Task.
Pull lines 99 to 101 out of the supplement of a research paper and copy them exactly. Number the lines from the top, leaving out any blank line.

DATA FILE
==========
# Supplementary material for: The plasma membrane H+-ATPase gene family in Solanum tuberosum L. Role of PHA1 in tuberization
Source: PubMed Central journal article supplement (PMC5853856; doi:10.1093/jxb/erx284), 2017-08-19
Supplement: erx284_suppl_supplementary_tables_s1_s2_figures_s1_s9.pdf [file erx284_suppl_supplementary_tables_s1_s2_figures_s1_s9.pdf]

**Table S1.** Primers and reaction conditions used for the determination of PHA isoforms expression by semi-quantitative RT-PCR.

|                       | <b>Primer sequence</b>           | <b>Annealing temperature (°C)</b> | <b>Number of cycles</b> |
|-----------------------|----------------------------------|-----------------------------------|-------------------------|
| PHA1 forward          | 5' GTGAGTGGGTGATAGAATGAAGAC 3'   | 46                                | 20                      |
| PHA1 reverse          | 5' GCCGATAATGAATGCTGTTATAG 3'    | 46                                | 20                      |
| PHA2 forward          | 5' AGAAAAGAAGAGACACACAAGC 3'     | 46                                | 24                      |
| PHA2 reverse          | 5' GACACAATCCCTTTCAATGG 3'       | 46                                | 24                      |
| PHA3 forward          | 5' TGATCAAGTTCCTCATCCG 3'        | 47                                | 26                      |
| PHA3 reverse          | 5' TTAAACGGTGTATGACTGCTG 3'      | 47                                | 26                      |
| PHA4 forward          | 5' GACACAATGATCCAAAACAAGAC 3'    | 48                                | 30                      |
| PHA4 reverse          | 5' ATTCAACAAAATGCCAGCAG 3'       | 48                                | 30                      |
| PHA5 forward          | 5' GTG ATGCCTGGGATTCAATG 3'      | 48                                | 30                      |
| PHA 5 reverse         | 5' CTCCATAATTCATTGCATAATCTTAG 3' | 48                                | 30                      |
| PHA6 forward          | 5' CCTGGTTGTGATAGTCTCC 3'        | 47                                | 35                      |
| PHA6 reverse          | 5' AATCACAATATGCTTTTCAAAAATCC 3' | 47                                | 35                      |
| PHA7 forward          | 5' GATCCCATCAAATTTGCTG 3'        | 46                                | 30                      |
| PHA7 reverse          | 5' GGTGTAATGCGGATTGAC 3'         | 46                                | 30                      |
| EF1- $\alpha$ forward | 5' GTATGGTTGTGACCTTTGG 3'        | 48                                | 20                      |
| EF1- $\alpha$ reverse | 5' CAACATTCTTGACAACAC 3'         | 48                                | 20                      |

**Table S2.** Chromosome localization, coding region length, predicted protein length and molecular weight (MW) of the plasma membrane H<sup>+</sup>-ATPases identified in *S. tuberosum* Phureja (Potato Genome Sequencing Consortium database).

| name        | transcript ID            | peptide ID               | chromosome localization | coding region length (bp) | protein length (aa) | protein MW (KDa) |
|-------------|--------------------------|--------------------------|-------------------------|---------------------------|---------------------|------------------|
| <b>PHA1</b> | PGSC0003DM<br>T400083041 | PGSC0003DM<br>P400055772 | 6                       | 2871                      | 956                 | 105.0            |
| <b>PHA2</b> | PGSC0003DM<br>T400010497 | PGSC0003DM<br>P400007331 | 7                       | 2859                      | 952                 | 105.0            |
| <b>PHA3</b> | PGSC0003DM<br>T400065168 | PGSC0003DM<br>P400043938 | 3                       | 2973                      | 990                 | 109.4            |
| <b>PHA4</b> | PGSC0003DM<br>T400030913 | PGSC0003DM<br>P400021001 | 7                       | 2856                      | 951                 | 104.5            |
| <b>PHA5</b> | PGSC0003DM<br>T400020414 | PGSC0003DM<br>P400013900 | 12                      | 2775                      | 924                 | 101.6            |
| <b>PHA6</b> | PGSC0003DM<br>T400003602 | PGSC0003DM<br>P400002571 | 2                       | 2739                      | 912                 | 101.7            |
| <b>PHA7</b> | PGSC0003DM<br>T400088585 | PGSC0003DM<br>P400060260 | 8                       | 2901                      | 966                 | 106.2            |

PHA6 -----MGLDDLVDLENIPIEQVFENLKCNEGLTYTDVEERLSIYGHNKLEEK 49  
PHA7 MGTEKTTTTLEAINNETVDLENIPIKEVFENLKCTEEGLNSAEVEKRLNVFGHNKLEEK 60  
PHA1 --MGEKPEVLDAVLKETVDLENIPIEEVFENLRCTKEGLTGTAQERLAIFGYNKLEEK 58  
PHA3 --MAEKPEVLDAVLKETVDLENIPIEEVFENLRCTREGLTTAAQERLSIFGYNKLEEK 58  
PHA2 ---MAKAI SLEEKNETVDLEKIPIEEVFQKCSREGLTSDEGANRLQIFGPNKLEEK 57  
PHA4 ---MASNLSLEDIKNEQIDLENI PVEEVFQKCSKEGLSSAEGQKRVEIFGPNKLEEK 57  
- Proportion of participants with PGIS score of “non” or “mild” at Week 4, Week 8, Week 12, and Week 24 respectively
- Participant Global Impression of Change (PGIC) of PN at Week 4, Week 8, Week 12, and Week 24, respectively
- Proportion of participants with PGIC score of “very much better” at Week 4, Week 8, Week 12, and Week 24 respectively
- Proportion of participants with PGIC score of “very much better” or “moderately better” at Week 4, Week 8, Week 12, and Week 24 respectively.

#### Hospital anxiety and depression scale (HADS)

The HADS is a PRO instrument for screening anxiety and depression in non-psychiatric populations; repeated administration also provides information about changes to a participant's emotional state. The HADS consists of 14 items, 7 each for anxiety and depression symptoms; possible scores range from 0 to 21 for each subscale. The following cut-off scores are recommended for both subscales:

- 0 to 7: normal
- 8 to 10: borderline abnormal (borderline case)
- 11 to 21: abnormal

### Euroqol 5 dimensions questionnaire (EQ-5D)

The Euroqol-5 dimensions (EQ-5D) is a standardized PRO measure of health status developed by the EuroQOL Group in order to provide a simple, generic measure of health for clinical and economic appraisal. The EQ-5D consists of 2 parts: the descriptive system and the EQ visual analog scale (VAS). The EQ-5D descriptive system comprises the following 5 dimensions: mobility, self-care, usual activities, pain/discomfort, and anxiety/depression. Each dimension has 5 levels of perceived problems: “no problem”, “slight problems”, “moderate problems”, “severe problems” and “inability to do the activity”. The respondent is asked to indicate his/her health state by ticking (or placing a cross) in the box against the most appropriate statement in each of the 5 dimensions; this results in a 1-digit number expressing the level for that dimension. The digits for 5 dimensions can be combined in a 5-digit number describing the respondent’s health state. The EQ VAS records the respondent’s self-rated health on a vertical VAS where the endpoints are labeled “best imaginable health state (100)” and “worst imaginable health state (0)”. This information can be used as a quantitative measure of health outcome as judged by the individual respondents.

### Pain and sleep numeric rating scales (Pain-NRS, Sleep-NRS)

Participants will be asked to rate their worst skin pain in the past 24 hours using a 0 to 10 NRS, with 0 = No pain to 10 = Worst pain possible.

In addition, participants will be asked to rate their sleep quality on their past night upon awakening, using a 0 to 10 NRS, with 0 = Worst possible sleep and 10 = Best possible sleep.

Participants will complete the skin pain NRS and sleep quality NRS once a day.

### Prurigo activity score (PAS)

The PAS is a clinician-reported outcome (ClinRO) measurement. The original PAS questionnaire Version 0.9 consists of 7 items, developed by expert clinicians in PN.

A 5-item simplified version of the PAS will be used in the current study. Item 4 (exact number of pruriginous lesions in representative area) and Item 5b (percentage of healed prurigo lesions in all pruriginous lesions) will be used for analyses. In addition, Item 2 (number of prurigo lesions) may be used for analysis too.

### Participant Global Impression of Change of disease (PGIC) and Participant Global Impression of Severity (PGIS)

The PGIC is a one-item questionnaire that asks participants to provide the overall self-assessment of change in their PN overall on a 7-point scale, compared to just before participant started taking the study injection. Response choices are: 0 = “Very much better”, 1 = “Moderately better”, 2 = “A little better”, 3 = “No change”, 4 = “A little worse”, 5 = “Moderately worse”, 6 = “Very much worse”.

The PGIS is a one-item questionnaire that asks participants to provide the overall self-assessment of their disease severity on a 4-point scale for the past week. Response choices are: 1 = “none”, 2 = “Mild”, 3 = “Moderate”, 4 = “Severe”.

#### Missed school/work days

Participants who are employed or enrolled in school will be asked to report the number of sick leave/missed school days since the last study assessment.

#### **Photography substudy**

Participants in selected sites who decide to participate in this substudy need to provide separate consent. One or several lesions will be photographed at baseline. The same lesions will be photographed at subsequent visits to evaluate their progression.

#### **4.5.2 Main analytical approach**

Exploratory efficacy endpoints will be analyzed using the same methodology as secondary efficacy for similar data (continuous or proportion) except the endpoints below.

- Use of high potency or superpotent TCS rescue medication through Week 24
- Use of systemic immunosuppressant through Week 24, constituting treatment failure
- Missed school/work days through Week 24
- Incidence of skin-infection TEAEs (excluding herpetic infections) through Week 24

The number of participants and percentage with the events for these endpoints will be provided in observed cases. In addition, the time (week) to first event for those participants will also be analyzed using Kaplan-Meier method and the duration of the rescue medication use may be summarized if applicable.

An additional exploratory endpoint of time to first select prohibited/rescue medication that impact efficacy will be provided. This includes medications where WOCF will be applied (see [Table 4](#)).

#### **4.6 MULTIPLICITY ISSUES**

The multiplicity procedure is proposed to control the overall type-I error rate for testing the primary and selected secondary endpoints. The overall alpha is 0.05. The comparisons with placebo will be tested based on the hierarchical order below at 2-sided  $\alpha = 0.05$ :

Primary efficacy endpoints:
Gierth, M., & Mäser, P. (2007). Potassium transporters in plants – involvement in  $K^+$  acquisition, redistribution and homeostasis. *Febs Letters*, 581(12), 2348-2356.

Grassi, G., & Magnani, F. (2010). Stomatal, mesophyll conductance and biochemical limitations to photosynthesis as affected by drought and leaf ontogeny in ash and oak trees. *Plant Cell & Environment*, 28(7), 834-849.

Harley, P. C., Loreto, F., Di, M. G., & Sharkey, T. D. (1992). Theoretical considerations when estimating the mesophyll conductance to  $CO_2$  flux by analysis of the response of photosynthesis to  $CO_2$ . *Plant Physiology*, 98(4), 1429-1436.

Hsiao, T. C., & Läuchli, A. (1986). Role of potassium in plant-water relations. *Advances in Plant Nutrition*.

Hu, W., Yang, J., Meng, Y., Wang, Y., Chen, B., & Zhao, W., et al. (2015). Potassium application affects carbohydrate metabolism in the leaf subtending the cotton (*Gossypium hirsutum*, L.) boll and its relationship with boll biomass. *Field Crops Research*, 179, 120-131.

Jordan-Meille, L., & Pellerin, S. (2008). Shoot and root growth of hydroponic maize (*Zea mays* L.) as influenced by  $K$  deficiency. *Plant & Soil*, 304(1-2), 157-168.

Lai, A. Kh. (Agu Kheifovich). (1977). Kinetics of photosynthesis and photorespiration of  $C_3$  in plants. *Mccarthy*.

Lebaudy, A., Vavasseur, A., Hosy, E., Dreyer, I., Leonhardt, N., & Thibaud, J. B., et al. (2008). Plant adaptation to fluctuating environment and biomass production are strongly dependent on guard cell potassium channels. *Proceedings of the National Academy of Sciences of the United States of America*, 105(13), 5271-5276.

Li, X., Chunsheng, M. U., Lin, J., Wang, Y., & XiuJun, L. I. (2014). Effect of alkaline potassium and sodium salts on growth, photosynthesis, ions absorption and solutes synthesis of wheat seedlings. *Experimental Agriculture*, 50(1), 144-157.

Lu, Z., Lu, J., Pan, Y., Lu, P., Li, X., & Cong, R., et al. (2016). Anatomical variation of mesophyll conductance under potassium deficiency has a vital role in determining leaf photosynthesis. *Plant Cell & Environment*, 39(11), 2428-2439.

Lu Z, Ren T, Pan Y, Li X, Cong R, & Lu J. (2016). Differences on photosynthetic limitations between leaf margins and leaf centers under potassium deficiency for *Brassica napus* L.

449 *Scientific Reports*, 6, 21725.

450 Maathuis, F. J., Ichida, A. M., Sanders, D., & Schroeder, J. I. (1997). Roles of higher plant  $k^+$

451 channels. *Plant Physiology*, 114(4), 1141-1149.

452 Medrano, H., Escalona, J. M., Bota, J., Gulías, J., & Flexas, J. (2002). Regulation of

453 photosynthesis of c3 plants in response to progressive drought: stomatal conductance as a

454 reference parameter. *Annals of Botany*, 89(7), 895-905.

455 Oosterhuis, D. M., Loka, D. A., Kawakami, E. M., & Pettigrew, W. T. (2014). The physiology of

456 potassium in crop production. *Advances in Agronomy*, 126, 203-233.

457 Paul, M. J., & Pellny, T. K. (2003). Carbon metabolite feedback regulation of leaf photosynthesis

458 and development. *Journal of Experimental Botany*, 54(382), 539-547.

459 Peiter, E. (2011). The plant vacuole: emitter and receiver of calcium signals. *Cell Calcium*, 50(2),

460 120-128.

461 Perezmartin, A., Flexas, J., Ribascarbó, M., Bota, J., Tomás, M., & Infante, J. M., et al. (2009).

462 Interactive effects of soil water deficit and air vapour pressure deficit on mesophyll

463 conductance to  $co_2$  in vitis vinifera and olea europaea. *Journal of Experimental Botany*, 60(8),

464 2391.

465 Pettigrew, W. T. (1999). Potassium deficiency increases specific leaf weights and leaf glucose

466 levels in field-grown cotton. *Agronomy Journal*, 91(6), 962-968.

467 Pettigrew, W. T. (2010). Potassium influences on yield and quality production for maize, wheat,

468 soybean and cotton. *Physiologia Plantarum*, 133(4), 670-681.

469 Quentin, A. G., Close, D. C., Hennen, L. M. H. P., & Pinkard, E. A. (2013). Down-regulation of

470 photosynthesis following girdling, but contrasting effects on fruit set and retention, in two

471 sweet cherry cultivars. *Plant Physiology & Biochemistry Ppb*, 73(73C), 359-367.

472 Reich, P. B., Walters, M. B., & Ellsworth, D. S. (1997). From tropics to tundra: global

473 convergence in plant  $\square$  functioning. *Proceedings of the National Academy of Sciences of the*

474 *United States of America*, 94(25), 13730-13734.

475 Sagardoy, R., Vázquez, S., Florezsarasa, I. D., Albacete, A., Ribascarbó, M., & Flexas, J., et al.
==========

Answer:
462 Interactive effects of soil water deficit and air vapour pressure deficit on mesophyll

463 conductance to  $co_2$  in vitis vinifera and olea europaea. *Journal of Experimental Botany*, 60(8),

464 2391.